Dentists who use a strictly dental approach in treating TMD patients will have seen some degree of symptomatic relief in many of the patients they have treated but will almost certainly have had some patients who have not responded well to this type of treatment. Likewise, many therapists will have had a similar experience; standard protocols will have provided significant relief of symptoms in some patients and others will have responded poorly or may have experienced short-term relief but symptoms may have had a tendency to recur chronically. Frequently these patients will be written off by both dentists and therapists as being “stressed” or relegated to some other generic diagnostic category. Often the explanation for their inadequate response may be that, although the therapy being provided was appropriate, alone it was inadequate for this particular patient’s needs. There is no doubt that “stress” and other factors can at times significantly complicate treatment. But the significance of appropriate and effective “dental” therapy combined with well-executed physical medicine must not be overlooked for the vast majority of TMD patients by either professional group
Patients with relatively mild TMD symptoms that have not become chronic may experience symptomatic relief from any of several approaches to treatment. It is the chronic or otherwise difficult patient, in particular, who is more likely to require a coordinated interdisciplinary approach to achieve significant and lasting results. When the benefits of interdisciplinary care for the difficult patient is recognized by both the dentist and the physical medicine therapist, the value of utilizing an integrated interdisciplinary approach in most, if not all, patients in achieving predictable and lasting results becomes obvious.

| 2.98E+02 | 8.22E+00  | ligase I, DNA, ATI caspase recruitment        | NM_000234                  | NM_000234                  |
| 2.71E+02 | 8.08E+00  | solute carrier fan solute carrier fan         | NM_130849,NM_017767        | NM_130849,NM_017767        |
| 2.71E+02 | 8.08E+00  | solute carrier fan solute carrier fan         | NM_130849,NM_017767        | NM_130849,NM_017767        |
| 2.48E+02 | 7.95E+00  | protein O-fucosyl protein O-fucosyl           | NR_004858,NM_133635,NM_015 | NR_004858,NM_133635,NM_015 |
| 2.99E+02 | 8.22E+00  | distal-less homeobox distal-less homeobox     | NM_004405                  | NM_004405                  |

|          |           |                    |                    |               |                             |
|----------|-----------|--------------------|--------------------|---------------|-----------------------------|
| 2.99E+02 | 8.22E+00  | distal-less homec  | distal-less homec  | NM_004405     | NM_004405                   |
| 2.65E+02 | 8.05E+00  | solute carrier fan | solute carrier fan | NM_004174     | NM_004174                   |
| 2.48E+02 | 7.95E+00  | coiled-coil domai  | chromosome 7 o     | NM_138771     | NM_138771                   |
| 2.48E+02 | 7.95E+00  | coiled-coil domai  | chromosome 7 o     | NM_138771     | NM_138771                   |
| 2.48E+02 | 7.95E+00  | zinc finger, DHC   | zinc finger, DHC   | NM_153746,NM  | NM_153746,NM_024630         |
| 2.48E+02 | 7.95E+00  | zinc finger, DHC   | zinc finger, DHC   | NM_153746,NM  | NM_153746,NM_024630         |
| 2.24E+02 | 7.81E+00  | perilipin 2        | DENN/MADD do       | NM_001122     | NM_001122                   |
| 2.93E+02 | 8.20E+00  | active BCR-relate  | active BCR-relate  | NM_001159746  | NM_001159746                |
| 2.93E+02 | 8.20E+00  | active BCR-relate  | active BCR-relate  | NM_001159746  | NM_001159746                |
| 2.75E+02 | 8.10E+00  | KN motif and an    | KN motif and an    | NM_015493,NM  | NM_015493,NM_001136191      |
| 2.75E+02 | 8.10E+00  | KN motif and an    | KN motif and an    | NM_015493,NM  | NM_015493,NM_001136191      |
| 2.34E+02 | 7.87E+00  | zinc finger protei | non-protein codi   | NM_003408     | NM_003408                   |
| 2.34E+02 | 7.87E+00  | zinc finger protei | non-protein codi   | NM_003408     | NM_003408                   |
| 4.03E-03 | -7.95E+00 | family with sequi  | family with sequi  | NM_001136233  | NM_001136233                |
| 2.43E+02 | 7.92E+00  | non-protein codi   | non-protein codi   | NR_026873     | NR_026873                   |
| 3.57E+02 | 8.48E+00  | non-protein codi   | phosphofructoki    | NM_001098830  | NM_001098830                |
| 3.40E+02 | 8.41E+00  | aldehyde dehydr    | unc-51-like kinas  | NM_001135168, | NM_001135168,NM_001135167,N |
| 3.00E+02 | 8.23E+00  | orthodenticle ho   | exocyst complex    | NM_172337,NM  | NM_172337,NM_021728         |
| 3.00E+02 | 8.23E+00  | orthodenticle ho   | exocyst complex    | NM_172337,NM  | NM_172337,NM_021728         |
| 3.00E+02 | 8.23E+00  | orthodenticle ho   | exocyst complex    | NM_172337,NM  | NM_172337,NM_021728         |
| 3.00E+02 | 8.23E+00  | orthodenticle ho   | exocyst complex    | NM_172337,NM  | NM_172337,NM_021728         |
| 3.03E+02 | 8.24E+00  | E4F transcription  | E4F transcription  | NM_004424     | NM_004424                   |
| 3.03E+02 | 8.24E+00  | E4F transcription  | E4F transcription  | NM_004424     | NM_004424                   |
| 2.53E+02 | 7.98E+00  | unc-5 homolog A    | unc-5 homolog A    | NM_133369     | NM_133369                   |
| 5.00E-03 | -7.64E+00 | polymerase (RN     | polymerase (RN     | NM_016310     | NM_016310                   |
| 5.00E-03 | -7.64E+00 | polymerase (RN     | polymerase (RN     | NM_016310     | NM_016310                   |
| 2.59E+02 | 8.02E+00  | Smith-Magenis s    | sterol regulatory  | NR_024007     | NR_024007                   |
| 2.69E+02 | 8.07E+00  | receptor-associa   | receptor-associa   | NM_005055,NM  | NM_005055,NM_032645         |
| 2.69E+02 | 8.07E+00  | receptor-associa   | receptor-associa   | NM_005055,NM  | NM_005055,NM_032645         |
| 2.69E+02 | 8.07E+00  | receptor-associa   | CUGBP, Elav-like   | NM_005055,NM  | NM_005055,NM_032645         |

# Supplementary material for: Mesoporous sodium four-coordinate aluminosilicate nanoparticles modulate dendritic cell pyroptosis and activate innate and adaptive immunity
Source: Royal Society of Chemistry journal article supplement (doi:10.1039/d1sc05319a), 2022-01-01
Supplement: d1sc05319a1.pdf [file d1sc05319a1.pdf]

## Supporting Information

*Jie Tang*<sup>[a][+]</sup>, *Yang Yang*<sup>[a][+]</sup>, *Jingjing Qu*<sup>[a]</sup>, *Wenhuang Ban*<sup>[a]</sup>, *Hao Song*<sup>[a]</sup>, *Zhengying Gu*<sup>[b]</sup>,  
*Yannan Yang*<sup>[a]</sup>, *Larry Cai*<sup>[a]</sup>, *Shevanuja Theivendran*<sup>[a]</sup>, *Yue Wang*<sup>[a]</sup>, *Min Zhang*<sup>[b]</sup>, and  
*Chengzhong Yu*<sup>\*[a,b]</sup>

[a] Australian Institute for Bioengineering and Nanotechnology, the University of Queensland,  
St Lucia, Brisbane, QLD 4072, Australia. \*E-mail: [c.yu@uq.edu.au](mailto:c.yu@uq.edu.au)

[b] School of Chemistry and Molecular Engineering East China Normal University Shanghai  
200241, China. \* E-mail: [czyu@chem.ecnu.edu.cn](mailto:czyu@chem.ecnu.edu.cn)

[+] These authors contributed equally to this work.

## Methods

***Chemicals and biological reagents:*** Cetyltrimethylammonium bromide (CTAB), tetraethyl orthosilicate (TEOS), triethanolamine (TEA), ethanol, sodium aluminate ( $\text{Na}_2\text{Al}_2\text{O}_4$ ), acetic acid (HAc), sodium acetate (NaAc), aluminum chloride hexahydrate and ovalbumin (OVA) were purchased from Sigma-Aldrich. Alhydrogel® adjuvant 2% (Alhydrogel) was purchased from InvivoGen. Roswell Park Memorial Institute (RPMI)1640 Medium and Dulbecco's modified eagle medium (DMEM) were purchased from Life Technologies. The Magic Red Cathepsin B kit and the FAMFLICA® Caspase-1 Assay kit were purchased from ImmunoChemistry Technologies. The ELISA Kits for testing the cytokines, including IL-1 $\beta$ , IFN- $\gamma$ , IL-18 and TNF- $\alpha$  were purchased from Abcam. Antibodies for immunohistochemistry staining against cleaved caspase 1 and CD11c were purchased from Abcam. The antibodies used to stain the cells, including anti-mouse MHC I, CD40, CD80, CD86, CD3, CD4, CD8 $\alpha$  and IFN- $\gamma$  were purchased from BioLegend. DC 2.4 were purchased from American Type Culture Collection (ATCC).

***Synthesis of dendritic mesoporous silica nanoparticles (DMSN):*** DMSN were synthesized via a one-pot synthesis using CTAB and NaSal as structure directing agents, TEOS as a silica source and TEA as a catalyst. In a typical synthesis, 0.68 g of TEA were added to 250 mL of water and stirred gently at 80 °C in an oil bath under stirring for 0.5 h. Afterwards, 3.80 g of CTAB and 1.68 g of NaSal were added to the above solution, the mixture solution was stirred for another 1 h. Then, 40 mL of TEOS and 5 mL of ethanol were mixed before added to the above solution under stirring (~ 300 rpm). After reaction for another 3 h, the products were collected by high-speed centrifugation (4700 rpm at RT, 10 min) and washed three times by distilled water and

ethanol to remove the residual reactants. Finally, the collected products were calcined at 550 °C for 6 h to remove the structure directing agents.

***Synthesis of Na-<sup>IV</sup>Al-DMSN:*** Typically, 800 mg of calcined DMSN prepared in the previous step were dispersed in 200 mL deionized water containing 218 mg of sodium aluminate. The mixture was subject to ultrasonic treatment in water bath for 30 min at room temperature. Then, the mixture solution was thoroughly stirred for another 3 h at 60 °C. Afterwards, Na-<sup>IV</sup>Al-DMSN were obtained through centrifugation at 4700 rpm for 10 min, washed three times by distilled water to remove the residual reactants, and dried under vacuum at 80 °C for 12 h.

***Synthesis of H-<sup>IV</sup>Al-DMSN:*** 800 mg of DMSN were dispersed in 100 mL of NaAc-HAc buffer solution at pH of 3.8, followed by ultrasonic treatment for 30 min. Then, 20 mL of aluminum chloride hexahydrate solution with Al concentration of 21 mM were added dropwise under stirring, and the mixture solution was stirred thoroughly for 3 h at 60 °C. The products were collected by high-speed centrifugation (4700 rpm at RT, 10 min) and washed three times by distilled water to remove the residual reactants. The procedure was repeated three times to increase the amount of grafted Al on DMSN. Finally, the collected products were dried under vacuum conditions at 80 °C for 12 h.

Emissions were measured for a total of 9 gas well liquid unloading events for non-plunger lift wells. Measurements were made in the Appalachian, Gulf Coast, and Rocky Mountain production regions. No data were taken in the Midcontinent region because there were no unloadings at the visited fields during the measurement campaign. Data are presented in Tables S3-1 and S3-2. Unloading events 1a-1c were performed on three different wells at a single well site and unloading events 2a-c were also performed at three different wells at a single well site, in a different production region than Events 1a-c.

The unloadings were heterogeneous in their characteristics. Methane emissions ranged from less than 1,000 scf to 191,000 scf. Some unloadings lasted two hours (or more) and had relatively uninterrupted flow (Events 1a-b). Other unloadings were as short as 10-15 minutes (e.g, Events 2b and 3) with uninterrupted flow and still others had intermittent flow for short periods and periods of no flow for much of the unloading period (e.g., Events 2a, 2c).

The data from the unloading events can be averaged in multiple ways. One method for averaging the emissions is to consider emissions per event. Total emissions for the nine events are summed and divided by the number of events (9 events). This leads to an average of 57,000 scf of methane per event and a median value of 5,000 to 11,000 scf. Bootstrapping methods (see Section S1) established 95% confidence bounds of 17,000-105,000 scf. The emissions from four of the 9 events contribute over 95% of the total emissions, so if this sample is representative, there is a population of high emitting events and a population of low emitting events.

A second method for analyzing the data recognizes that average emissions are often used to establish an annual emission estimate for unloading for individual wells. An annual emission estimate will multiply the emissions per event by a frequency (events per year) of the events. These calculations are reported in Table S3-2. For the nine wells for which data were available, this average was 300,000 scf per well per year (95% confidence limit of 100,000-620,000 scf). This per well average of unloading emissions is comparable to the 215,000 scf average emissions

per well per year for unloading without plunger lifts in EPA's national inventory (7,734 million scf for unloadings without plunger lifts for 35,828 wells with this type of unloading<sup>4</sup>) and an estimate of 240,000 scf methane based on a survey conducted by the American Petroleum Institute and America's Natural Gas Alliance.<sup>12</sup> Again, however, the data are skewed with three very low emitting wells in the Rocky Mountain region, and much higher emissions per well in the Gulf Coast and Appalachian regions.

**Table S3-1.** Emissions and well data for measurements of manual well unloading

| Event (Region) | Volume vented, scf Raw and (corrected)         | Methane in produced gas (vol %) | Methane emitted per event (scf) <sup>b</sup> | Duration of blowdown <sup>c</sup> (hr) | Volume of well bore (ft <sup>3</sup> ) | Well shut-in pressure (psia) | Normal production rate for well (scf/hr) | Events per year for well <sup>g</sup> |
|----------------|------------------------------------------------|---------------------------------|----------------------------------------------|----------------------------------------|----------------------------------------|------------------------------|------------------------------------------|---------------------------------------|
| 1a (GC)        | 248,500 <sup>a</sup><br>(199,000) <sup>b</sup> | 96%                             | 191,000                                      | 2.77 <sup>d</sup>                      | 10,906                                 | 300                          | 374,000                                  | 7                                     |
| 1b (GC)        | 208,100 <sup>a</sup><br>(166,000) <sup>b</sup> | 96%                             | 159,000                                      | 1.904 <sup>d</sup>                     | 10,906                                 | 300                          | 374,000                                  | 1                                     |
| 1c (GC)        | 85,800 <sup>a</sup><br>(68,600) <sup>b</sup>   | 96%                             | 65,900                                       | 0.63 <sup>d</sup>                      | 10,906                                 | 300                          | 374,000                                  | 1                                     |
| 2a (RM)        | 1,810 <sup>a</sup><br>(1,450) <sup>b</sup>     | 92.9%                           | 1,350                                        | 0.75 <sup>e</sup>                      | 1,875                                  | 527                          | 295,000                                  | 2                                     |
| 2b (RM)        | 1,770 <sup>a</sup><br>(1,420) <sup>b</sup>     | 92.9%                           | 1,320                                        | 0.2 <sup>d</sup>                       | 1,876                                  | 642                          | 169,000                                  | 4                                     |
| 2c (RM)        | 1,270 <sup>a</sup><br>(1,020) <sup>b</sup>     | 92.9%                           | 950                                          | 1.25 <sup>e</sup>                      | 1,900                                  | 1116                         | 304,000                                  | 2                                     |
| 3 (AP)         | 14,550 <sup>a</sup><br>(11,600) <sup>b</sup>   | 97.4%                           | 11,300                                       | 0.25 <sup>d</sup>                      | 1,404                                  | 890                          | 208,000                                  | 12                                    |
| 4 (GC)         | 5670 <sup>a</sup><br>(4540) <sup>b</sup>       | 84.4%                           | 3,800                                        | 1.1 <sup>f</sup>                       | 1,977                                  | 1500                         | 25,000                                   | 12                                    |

It is not possible to describe the dental role in detail in this context. However, some general comments follow that should be helpful as an introduction. For those therapists who intend to focus a significant portion of their professional activities on TMD management, it is recommended that you become more knowledgeable in the dental role and develop a working relationship with at least one dentist who is knowledgeable, skilled, and experienced in non-surgical TMD management. Therapists who recognize that they will probably have infrequent opportunities to treat TMD patients may find it worthwhile, both in terms of their own time and the patient’s best interest, to refer these patients to a therapist who has developed the requisite knowledge, skill, and experience to be consistently effective in providing necessary care.
• The Dental Role
In other joint systems of the human body, there is no structure comparable to the teeth that has the potential to directly influence the position, structure and function of the joint or the function of muscles that move the joint. In the masticatory apparatus, a hierarchy exists in the interplay between teeth, joints, and muscles and the fit of the teeth always dominates; i.e. people with teeth always close their mouth where the teeth fit together best, whether or not that is structurally appropriate for the temporomandibular joints or functionally appropriate for the muscles of mastication. The mechanism that produces this consistent “best fit” closure of the jaw is a neuromuscular engram that is programmed by the fit of the teeth. Without this mechanism, normal functional jaw usage such as eating and talking would result in the teeth clashing together.